, ,

Smile by Raina Telgemeier is a graphic novel with a difference.  I say this because up to now, apart from the classic Tin Tin and Asterix books, most graphic novels I’ve come across have been far too adult for me to recommend for primary aged readers.  Smile tells the story of three key years in the life of the author, Raina, from 11-13, when she suffered an accident which meant orthodontic surgery and then learning to live with braces on her teeth. It is a rather sweet story in which Raina has to learn how to cope with being a ‘brace face’ and what is most important to her, what is on the inside or outside of a person.


In our local library, where I found this, I was intrigued to find that there is now a separate, dedicated graphic novel section of the children’s library, as well as the pre-existing section in the YA/Teen section.  My son, who is eight, always gravitates towards the graphic novels, but until now, has not been allowed to take them out on his child’s library card as they are deemed too adult in content.  If he wants to borrow one, this means that I have to frisk it first, and then, if I decide he will cope with it, I have to take it out on my ticket for him.

It is wonderful that I can now steer him to a section that caters for him, and where he can exercise some autonomy in what he can take out on his own ticket. It’s where I found Smile. Admittedly not the sort of content that he’s interested in, but with a slew of awards and the author’s work creating graphic novels of the classic Baby Sitter’s Club books already on my radar, I was intrigued and decided to read it for myself.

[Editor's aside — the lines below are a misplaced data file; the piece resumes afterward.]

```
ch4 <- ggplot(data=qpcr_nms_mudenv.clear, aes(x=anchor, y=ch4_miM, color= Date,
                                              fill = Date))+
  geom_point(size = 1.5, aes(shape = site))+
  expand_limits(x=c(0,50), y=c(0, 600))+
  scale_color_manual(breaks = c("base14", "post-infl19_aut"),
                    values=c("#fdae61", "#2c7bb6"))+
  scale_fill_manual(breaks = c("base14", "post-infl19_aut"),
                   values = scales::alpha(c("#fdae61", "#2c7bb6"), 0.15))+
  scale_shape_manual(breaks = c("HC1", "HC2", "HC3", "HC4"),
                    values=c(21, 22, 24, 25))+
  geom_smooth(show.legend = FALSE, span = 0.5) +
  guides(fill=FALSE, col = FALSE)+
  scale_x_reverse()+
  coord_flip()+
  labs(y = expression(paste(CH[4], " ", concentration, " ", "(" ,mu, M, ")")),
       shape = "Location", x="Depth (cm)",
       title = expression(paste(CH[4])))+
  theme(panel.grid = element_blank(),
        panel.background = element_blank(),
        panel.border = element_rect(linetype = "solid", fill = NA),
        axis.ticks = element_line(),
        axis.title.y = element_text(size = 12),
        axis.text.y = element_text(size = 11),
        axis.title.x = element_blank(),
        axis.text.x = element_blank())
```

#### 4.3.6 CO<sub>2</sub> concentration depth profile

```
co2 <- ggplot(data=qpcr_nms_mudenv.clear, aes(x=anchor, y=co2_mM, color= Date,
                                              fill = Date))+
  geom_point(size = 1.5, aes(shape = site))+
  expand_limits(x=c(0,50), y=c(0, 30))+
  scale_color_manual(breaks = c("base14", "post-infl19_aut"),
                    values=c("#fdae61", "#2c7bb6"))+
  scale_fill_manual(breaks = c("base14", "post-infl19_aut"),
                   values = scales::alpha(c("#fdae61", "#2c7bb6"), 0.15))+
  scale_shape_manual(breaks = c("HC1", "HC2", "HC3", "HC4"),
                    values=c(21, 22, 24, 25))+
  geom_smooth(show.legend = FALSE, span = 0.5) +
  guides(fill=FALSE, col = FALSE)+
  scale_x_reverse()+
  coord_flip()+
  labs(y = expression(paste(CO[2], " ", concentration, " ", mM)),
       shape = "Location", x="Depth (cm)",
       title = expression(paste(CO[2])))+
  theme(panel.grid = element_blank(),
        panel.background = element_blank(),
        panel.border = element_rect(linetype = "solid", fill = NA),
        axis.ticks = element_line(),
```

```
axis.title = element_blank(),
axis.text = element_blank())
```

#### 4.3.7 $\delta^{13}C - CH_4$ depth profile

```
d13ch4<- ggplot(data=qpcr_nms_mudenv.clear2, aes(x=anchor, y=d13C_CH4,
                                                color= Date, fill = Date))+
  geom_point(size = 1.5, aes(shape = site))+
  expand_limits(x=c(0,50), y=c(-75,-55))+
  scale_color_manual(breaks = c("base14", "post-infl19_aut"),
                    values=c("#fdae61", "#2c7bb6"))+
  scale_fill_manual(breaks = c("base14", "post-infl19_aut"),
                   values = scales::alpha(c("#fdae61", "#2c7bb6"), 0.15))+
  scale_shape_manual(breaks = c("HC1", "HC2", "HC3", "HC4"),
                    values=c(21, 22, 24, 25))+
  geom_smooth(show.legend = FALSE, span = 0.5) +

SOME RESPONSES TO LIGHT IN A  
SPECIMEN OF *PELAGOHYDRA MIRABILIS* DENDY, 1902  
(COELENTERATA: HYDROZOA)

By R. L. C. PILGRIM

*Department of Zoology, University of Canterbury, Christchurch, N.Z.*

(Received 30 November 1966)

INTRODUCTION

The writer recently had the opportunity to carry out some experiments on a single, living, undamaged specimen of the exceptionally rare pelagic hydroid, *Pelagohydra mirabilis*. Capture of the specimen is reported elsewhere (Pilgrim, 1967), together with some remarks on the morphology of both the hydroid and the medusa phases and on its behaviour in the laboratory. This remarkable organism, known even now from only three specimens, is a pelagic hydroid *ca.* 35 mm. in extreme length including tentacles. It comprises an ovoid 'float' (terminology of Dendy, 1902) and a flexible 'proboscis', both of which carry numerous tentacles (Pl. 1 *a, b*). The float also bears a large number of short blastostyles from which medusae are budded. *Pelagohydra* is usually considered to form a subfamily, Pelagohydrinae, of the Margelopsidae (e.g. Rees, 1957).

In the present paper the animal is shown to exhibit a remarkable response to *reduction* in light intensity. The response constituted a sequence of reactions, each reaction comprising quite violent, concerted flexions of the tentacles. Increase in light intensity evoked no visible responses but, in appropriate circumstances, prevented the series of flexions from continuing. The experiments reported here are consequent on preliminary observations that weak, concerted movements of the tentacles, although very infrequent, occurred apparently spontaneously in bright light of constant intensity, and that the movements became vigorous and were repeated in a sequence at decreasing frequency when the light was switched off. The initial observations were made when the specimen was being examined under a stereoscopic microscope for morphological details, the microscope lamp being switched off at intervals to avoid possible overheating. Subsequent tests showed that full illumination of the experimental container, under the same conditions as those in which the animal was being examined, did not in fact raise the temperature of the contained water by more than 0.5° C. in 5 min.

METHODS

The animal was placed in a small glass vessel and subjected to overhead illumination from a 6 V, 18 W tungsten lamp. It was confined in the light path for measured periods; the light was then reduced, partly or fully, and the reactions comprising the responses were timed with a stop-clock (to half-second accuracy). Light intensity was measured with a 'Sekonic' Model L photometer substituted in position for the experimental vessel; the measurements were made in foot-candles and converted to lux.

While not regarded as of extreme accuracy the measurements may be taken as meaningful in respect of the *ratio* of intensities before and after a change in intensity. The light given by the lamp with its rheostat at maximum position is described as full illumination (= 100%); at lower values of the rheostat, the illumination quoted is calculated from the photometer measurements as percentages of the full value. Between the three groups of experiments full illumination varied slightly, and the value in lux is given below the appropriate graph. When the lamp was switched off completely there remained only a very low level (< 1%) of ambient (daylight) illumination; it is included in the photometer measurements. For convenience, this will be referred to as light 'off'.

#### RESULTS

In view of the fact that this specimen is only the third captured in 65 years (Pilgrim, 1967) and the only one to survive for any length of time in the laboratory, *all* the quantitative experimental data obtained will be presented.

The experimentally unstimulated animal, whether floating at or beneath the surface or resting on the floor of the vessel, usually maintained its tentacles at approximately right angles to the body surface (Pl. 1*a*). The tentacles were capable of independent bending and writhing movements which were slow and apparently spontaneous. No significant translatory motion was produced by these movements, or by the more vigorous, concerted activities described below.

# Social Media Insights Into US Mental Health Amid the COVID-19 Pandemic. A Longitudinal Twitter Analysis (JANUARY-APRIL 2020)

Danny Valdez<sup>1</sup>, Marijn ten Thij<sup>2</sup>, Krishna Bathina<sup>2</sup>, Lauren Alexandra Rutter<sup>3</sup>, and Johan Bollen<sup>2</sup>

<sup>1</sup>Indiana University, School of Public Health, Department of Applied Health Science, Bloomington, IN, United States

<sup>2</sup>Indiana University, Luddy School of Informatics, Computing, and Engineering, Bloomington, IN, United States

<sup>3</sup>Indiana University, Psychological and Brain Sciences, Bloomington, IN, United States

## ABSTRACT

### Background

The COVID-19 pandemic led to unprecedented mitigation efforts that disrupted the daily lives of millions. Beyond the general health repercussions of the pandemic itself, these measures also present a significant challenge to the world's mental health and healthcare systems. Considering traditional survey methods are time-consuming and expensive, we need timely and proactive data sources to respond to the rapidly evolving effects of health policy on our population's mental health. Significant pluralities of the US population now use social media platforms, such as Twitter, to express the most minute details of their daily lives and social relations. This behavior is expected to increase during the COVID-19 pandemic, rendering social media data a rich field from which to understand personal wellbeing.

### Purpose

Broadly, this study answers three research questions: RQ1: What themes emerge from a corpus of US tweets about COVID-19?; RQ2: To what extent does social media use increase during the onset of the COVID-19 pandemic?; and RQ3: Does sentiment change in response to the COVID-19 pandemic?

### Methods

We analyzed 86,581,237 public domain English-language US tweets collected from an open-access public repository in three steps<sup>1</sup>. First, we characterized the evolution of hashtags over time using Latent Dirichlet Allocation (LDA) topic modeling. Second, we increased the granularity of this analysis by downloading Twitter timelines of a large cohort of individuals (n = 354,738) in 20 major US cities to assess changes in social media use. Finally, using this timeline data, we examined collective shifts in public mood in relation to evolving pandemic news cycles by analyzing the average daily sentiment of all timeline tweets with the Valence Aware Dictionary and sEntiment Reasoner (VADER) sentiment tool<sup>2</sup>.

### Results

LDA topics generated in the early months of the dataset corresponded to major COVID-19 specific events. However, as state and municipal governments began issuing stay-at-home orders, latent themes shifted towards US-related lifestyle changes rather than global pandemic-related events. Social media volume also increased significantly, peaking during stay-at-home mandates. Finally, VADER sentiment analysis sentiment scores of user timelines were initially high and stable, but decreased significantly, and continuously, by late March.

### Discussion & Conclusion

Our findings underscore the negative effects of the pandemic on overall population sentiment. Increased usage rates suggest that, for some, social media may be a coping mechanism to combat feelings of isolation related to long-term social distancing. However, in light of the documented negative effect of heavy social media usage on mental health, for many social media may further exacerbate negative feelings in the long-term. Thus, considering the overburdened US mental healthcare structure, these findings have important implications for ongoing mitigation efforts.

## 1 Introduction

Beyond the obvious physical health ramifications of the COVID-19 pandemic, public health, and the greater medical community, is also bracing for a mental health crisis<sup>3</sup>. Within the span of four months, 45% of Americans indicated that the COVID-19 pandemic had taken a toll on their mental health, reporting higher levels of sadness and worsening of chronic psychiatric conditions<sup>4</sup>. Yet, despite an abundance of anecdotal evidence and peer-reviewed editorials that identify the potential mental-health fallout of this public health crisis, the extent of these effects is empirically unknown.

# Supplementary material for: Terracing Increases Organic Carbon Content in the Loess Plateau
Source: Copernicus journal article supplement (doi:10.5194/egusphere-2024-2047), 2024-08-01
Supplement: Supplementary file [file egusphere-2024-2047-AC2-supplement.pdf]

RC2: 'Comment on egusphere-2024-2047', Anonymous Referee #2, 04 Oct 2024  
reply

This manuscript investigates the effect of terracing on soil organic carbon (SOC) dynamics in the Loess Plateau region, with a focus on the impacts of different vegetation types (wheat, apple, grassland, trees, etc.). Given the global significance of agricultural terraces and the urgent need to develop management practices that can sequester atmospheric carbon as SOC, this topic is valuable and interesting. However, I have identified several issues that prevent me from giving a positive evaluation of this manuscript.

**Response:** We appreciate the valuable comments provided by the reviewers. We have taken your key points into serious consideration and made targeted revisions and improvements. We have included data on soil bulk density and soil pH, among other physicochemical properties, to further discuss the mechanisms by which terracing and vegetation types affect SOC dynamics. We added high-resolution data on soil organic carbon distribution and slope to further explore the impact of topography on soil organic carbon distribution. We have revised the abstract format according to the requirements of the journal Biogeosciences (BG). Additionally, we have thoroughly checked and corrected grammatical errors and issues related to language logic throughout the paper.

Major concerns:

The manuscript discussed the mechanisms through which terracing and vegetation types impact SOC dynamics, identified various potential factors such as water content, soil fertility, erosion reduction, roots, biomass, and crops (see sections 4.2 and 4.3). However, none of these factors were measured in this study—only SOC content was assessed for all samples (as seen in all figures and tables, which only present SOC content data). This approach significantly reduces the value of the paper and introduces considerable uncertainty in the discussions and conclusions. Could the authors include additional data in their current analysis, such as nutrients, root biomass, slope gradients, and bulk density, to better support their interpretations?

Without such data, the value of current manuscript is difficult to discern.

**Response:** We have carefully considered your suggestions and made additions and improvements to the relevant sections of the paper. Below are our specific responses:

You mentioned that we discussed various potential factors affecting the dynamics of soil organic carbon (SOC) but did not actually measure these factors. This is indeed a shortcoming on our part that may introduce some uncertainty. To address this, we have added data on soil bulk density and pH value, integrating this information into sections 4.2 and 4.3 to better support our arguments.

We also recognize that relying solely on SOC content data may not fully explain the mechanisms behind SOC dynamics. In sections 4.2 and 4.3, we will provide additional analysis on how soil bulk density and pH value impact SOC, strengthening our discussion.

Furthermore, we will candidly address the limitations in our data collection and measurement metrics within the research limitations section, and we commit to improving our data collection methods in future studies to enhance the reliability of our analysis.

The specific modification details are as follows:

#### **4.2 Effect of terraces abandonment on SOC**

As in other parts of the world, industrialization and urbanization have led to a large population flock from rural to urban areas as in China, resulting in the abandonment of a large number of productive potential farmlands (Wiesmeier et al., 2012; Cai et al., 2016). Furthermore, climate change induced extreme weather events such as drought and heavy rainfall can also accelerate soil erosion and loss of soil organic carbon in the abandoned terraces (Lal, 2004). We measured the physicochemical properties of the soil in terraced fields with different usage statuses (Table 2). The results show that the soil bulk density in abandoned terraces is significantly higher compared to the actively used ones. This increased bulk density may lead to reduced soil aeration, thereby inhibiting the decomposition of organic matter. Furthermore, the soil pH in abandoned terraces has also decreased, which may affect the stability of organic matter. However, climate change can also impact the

This is not the sort of graphic novel that’s going to appeal to boys at all, and nor will it appeal to what to now has been labelled the ‘market’ for graphic novels, i.e. kids who are interested in fantasy and manga with a side order of steam punk.  It is a simple, day to day story of what it is to be a young girl growing up and facing all the ordinary things girls face as they enter into puberty and move from primary to high school. It reminds me of a kind of Judy Blume style, I’m thinking Deenie here, but for a slightly younger audience.

The illustrations are fabulous, drenched in colour, full of life and a vivid sense of humour that works alongside the more serious messages of the book and means that it never tips over into being preachy or too wholesome. The book deliberately keeps the love interest/puberty angle light. There are failed dates for example, but nothing explicit, and the puberty side of things is more about the snippiness of friendship groups and finding people who are your own tribe rather than about periods etc.

I thoroughly enjoyed the book, and would love to see it in school libraries as an example of what the blossoming of the genre of graphic novels can offer to children these days. I find it exciting and rather wonderful that what we can offer to children is ever widening in terms of reading material, and it is so nice to see graphic novels for girls, and particularly graphic novels for children about every day stuff.